I Learned How Lazy Writer’s Really Are

I hate saying it, but I found out it just may be true. It all started when I decided to take submissions for “The Wall“, which by the way I’m always accepting pieces for it, and got submissions from people whom must have only read the title “AKAQ Looking for Halloween Submissions”. Then they scrolled down to my email address and tossed a bunch of stuff my way.

Word count

There’s a reason I included a word count, and even then, I always like to think there’s room to go over. Hell, I never get mad if someone is 5 minutes late, why should I care if someone was 100 words over? But come on. I asked for less than 1000 and got pieces all over the board. Even though the word “flash” fiction or short story is always changing, I defined my version for them – 1000 words or less. I wanted to read them, I surely did but I wouldn’t have accepted them anyways, so why waste my time.

Lesson one: Word count may keep your story from being read.

Multiple Submissions

I like to think I choose requirements for a reason. It’s not like I pulled them out of my head for fun. So I wrote “No Multiple Submissions”. Which I guess to some people meant giving me 4-5 stories and if I didn’t like those to cruise their website to find one. First off, this isn’t a numbers game, at least not with one reader. I’m not going to say, “Well that one sucked, let’s read the next one.” I’m pretty much done after the first one yet I didn’t want to miss out on a good story. So I read the second one. Boy was I disappointed. My journey stopped there and I just deleted the email and wiped my hands clean of it. Now, I feel like he left a bad impression for others who did so as well, so without even reading any others who sent multiple pieces, off they went to my trashcan.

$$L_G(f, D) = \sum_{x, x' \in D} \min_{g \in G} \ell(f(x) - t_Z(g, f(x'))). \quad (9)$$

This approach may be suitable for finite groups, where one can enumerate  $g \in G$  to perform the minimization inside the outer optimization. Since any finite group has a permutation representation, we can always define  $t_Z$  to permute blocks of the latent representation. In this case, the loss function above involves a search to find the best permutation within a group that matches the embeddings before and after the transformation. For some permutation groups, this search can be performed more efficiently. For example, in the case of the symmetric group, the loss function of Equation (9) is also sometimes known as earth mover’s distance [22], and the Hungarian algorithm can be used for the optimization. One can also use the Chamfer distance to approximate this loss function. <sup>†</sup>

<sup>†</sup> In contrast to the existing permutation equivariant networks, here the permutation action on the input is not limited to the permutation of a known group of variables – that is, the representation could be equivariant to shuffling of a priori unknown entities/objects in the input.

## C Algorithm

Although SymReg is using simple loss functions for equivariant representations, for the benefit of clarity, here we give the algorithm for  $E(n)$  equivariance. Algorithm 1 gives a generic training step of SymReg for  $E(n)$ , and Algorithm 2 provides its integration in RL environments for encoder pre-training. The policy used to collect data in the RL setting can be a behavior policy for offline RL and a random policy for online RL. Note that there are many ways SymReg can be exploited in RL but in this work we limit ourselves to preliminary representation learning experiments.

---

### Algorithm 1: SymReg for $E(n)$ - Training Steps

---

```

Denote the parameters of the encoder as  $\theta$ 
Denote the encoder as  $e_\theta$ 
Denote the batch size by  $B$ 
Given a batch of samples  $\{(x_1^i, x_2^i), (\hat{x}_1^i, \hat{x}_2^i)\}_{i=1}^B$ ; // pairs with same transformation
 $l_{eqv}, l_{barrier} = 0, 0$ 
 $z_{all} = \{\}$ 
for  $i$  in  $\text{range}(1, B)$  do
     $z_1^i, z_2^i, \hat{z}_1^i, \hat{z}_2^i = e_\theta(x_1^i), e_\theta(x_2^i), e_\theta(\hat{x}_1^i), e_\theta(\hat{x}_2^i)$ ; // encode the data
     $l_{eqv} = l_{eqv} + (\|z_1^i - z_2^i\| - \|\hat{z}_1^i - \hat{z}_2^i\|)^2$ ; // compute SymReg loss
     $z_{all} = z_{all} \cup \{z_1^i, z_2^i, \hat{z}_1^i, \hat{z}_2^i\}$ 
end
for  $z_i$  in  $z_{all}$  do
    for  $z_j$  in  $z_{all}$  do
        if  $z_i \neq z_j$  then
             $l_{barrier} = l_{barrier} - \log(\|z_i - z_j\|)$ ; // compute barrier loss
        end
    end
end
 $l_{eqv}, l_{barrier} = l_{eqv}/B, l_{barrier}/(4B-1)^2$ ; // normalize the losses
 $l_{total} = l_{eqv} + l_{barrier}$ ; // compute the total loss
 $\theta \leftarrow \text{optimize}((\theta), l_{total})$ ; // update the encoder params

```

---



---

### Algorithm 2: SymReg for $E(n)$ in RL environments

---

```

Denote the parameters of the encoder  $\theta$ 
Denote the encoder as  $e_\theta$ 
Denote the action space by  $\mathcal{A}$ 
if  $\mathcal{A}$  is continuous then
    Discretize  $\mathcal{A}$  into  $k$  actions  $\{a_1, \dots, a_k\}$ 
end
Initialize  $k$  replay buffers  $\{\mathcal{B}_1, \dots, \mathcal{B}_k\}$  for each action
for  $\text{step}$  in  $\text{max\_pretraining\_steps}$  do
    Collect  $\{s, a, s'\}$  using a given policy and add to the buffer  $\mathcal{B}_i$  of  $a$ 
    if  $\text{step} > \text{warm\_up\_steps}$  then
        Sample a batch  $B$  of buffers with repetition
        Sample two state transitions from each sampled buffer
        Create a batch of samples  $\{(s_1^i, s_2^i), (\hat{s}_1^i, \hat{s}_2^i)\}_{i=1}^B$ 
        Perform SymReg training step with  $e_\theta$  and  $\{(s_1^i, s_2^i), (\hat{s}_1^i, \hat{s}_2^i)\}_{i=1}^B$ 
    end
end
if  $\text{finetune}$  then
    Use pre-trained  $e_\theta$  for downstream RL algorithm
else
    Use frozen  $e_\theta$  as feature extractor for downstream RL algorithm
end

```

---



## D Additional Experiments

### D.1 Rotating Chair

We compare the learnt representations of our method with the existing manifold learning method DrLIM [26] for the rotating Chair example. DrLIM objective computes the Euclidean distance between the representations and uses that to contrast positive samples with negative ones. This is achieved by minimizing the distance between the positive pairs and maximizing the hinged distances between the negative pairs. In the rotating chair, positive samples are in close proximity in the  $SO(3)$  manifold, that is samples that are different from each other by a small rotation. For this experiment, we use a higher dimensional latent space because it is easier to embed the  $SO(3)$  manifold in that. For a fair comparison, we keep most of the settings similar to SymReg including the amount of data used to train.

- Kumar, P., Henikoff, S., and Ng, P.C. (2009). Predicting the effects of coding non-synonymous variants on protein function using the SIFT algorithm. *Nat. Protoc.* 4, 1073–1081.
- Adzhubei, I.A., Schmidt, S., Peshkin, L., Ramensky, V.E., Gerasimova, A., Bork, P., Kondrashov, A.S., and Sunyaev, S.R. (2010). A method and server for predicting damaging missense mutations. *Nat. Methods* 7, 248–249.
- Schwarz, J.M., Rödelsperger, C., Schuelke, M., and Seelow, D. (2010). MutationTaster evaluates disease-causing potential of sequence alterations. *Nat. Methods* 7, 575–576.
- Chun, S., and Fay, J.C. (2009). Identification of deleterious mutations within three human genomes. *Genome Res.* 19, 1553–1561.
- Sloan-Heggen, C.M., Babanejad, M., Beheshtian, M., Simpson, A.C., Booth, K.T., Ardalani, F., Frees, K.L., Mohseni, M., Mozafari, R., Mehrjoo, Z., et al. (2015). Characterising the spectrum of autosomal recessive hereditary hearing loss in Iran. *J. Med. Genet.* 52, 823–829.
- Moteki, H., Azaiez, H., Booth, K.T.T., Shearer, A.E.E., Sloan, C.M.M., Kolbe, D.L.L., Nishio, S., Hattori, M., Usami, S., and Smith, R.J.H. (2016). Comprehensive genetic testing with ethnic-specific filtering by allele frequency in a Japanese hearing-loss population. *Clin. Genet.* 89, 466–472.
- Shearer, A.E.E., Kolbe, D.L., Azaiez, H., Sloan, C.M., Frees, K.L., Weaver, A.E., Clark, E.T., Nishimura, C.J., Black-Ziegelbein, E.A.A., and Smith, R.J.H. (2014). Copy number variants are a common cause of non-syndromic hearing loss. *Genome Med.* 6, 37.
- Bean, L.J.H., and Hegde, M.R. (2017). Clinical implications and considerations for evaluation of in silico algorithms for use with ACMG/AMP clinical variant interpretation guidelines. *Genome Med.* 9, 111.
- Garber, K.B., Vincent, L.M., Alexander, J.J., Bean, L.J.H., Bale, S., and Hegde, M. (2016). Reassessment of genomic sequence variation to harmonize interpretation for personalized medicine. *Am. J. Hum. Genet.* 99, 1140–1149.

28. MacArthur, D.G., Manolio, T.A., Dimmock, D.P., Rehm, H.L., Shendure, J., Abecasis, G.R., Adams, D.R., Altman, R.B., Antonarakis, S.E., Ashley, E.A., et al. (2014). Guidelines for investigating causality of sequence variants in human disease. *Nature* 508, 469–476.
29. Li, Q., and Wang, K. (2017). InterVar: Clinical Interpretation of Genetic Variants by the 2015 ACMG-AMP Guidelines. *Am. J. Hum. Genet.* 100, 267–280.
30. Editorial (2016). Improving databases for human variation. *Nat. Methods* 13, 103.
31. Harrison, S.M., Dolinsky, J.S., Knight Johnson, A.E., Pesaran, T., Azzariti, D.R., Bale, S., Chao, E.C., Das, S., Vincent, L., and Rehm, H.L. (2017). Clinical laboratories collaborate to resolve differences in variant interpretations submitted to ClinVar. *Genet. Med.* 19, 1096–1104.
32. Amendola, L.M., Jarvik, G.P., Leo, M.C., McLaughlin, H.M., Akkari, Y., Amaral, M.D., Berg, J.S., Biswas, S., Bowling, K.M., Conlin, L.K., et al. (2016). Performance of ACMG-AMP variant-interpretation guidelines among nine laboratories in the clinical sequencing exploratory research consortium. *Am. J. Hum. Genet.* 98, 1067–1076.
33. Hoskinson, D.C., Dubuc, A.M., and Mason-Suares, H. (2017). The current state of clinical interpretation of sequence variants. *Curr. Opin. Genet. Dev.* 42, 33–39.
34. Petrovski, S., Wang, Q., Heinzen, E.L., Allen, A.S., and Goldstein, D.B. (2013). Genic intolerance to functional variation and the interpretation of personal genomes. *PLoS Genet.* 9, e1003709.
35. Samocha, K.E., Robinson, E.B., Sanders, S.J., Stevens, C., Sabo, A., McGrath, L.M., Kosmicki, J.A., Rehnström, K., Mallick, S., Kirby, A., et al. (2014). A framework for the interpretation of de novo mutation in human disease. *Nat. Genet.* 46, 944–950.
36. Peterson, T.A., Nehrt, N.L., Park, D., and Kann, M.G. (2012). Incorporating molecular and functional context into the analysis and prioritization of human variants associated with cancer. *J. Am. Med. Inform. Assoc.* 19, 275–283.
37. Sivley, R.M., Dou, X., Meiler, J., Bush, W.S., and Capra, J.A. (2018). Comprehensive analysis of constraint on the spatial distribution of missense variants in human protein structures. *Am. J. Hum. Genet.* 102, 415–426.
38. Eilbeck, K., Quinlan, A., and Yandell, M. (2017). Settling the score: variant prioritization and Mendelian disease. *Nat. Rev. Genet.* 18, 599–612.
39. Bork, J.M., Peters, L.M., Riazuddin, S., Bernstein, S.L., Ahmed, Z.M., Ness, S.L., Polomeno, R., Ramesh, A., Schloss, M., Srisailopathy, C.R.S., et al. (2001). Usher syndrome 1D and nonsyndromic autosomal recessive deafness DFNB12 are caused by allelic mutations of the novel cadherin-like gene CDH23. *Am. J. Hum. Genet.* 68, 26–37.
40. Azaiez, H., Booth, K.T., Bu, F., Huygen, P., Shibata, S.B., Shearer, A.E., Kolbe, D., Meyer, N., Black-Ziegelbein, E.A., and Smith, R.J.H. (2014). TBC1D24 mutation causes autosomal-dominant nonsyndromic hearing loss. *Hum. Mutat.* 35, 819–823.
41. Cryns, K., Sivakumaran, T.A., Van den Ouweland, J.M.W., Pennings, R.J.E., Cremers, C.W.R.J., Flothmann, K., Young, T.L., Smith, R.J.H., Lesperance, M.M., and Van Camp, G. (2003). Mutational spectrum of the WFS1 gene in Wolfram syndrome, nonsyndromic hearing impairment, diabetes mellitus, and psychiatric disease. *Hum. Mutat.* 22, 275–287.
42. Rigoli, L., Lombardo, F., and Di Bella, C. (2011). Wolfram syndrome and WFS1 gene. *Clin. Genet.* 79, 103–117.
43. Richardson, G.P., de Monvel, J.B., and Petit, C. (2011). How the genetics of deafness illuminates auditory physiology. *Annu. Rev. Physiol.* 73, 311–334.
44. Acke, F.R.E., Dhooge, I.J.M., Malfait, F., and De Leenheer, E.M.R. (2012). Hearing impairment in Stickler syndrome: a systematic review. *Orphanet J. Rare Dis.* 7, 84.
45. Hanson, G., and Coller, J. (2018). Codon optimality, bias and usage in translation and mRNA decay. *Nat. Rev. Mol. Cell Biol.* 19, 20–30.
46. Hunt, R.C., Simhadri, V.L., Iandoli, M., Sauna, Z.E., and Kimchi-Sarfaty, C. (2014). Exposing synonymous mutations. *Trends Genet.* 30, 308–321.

Lesson two: There’s a reason for guidelines, to give you a fair shot. Send your best one.

Developing A Relationship

The whole post took only seconds to read. I didn’t think it would have made me delete over half of the submission. The others I didn’t think were up to par, but I’m glad they submitted and I responded to most of them. Yet I still only managed to pull one story out of that pile. I was amazed. So to keep from having a ridiculous turnout I called out for help from fellow authors. Here is where I was greeted with love. Not only did they easily follow my guidelines, they turned in something within a day of me asking and they were amazing pieces. I now see why some anthologies are only for invited writers. Because the relationship is important.

Lesson three: Develop a relationship by being professional.

The End?

Read. For the love of god, just read the guidelines. Keep the window/tab open as you type up the email. It’s not that hard. If you seem lazy enough not to read my guidelines, I’m going to think your writing is just as lazy.

-L. Vera




  1. Reblogged this on So Much To Write, So Little Time.

  2. I keep hearing this complaint over and over again from lots of different folks. It’s simple really – read directions, instructions and follow them.

    • Right? I’ve always put tons of effort following the guidelines, i figured everyone else did too – nope.

  3. One reason for your trouble is that more and more people are calling themselves “writers” but they really aren’t. Instant self-publishing has created hundreds of thousands (maybe millions) of dilettante scribblers who don’t observe–and maybe disdain–any rules that might frustrate their gratification. Many of them chose to publish their “books” on Kindle or Nook for the simple reason that they wouldn’t have to be edited or suffer any of the other grueling processes that professional writers endure. An amateur doesn’t care what the editor wants. A professional knows how guidelines work and generally observes them.

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